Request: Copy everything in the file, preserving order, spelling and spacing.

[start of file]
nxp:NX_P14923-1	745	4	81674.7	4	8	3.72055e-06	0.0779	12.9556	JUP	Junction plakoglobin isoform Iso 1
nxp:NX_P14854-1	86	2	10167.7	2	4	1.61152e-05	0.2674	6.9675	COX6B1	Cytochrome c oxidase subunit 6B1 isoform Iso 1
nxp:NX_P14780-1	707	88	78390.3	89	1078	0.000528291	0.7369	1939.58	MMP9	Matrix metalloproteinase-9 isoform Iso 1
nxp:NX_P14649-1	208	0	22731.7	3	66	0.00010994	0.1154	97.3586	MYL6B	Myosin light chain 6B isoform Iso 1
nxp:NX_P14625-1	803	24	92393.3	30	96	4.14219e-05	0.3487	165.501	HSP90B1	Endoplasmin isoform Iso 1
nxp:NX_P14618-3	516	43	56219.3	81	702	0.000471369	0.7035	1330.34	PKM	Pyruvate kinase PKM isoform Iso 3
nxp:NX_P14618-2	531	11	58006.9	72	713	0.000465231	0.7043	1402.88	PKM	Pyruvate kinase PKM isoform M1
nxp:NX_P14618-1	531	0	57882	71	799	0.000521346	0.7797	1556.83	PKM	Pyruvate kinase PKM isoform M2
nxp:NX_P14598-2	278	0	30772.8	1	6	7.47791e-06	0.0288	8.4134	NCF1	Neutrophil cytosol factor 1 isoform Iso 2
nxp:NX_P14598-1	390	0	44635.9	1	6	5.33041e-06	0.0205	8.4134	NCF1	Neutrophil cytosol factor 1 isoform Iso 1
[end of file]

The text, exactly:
nxp:NX_P14923-1	745	4	81674.7	4	8	3.72055e-06	0.0779	12.9556	JUP	Junction plakoglobin isoform Iso 1
nxp:NX_P14854-1	86	2	10167.7	2	4	1.61152e-05	0.2674	6.9675	COX6B1	Cytochrome c oxidase subunit 6B1 isoform Iso 1
nxp:NX_P14780-1	707	88	78390.3	89	1078	0.000528291	0.7369	1939.58	MMP9	Matrix metalloproteinase-9 isoform Iso 1
nxp:NX_P14649-1	208	0	22731.7	3	66	0.00010994	0.1154	97.3586	MYL6B	Myosin light chain 6B isoform Iso 1
nxp:NX_P14625-1	803	24	92393.3	30	96	4.14219e-05	0.3487	165.501	HSP90B1	Endoplasmin isoform Iso 1
nxp:NX_P14618-3	516	43	56219.3	81	702	0.000471369	0.7035	1330.34	PKM	Pyruvate kinase PKM isoform Iso 3
nxp:NX_P14618-2	531	11	58006.9	72	713	0.000465231	0.7043	1402.88	PKM	Pyruvate kinase PKM isoform M1
nxp:NX_P14618-1	531	0	57882	71	799	0.000521346	0.7797	1556.83	PKM	Pyruvate kinase PKM isoform M2
nxp:NX_P14598-2	278	0	30772.8	1	6	7.47791e-06	0.0288	8.4134	NCF1	Neutrophil cytosol factor 1 isoform Iso 2
nxp:NX_P14598-1	390	0	44635.9	1	6	5.33041e-06	0.0205	8.4134	NCF1	Neutrophil cytosol factor 1 isoform Iso 1